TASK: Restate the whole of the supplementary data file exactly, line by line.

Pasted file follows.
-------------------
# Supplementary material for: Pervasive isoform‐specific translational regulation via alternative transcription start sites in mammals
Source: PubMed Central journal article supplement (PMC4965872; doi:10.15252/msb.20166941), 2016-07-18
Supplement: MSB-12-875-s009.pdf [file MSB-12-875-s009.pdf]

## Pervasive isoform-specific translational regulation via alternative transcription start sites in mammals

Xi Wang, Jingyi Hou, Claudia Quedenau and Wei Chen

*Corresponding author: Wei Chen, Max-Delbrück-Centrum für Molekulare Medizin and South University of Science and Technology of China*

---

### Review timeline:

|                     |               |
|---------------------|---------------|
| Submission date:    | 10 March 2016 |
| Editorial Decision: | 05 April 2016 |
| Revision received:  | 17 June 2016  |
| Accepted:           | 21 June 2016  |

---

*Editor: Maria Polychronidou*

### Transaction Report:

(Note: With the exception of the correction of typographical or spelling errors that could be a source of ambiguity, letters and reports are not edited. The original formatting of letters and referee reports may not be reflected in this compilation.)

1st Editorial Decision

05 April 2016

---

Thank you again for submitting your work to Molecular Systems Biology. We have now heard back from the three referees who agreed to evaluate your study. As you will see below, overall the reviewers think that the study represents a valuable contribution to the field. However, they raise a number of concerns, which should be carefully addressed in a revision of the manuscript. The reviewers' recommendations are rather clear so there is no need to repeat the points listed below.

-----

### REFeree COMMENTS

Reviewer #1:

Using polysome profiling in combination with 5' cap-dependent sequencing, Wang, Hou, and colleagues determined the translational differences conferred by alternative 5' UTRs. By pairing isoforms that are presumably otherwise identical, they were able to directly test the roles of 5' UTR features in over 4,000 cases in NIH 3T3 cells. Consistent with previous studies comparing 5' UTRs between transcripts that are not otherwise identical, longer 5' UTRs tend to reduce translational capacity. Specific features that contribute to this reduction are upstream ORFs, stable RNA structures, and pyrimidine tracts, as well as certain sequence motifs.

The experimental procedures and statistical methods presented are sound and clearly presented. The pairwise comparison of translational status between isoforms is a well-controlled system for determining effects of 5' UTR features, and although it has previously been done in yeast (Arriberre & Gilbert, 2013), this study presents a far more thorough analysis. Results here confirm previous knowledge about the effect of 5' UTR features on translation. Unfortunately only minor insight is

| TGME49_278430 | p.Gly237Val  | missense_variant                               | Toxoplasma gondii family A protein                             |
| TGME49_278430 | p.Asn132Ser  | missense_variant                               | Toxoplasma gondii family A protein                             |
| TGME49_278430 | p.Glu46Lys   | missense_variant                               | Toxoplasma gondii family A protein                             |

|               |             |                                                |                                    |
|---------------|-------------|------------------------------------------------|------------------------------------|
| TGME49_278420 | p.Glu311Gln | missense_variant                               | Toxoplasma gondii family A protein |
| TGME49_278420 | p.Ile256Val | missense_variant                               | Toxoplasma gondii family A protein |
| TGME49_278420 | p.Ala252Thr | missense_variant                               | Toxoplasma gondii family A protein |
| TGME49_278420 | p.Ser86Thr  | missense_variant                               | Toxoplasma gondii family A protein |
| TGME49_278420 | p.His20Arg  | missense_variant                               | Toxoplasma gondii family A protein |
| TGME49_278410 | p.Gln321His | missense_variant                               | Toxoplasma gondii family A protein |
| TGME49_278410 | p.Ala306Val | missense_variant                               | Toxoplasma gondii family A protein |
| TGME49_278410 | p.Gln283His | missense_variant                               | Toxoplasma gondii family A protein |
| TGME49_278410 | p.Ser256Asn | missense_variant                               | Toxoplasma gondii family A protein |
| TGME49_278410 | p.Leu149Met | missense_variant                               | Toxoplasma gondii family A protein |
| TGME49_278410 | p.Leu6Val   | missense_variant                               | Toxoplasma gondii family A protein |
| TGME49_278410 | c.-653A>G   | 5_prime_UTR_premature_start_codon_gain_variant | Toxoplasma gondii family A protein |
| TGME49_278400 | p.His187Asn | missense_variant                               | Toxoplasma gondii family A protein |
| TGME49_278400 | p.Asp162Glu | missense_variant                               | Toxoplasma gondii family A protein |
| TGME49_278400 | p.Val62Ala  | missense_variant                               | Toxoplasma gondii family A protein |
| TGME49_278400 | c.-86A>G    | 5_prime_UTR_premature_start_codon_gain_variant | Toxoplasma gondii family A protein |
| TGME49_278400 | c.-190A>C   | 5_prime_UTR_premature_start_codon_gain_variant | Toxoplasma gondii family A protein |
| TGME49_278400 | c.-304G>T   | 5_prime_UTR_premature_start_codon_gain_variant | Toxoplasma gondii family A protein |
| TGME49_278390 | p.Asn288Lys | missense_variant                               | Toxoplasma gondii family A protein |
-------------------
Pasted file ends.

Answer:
# Supplementary material for: Pervasive isoform‐specific translational regulation via alternative transcription start sites in mammals
Source: PubMed Central journal article supplement (PMC4965872; doi:10.15252/msb.20166941), 2016-07-18
Supplement: MSB-12-875-s009.pdf [file MSB-12-875-s009.pdf]

## Pervasive isoform-specific translational regulation via alternative transcription start sites in mammals

Xi Wang, Jingyi Hou, Claudia Quedenau and Wei Chen

*Corresponding author: Wei Chen, Max-Delbrück-Centrum für Molekulare Medizin and South University of Science and Technology of China*

---

### Review timeline:

|                     |               |
|---------------------|---------------|
| Submission date:    | 10 March 2016 |
| Editorial Decision: | 05 April 2016 |
| Revision received:  | 17 June 2016  |
| Accepted:           | 21 June 2016  |

---

*Editor: Maria Polychronidou*

### Transaction Report:

(Note: With the exception of the correction of typographical or spelling errors that could be a source of ambiguity, letters and reports are not edited. The original formatting of letters and referee reports may not be reflected in this compilation.)

1st Editorial Decision

05 April 2016

---

Thank you again for submitting your work to Molecular Systems Biology. We have now heard back from the three referees who agreed to evaluate your study. As you will see below, overall the reviewers think that the study represents a valuable contribution to the field. However, they raise a number of concerns, which should be carefully addressed in a revision of the manuscript. The reviewers' recommendations are rather clear so there is no need to repeat the points listed below.

-----

### REFeree COMMENTS

Reviewer #1:

Using polysome profiling in combination with 5' cap-dependent sequencing, Wang, Hou, and colleagues determined the translational differences conferred by alternative 5' UTRs. By pairing isoforms that are presumably otherwise identical, they were able to directly test the roles of 5' UTR features in over 4,000 cases in NIH 3T3 cells. Consistent with previous studies comparing 5' UTRs between transcripts that are not otherwise identical, longer 5' UTRs tend to reduce translational capacity. Specific features that contribute to this reduction are upstream ORFs, stable RNA structures, and pyrimidine tracts, as well as certain sequence motifs.

The experimental procedures and statistical methods presented are sound and clearly presented. The pairwise comparison of translational status between isoforms is a well-controlled system for determining effects of 5' UTR features, and although it has previously been done in yeast (Arriberre & Gilbert, 2013), this study presents a far more thorough analysis. Results here confirm previous knowledge about the effect of 5' UTR features on translation. Unfortunately only minor insight is

| TGME49_278430 | p.Gly237Val  | missense_variant                               | Toxoplasma gondii family A protein                             |
| TGME49_278430 | p.Asn132Ser  | missense_variant                               | Toxoplasma gondii family A protein                             |
| TGME49_278430 | p.Glu46Lys   | missense_variant                               | Toxoplasma gondii family A protein                             |

|               |             |                                                |                                    |
|---------------|-------------|------------------------------------------------|------------------------------------|
| TGME49_278420 | p.Glu311Gln | missense_variant                               | Toxoplasma gondii family A protein |
| TGME49_278420 | p.Ile256Val | missense_variant                               | Toxoplasma gondii family A protein |
| TGME49_278420 | p.Ala252Thr | missense_variant                               | Toxoplasma gondii family A protein |
| TGME49_278420 | p.Ser86Thr  | missense_variant                               | Toxoplasma gondii family A protein |
| TGME49_278420 | p.His20Arg  | missense_variant                               | Toxoplasma gondii family A protein |
| TGME49_278410 | p.Gln321His | missense_variant                               | Toxoplasma gondii family A protein |
| TGME49_278410 | p.Ala306Val | missense_variant                               | Toxoplasma gondii family A protein |
| TGME49_278410 | p.Gln283His | missense_variant                               | Toxoplasma gondii family A protein |
| TGME49_278410 | p.Ser256Asn | missense_variant                               | Toxoplasma gondii family A protein |
| TGME49_278410 | p.Leu149Met | missense_variant                               | Toxoplasma gondii family A protein |
| TGME49_278410 | p.Leu6Val   | missense_variant                               | Toxoplasma gondii family A protein |
| TGME49_278410 | c.-653A>G   | 5_prime_UTR_premature_start_codon_gain_variant | Toxoplasma gondii family A protein |
| TGME49_278400 | p.His187Asn | missense_variant                               | Toxoplasma gondii family A protein |
| TGME49_278400 | p.Asp162Glu | missense_variant                               | Toxoplasma gondii family A protein |
| TGME49_278400 | p.Val62Ala  | missense_variant                               | Toxoplasma gondii family A protein |
| TGME49_278400 | c.-86A>G    | 5_prime_UTR_premature_start_codon_gain_variant | Toxoplasma gondii family A protein |
| TGME49_278400 | c.-190A>C   | 5_prime_UTR_premature_start_codon_gain_variant | Toxoplasma gondii family A protein |
| TGME49_278400 | c.-304G>T   | 5_prime_UTR_premature_start_codon_gain_variant | Toxoplasma gondii family A protein |
| TGME49_278390 | p.Asn288Lys | missense_variant                               | Toxoplasma gondii family A protein |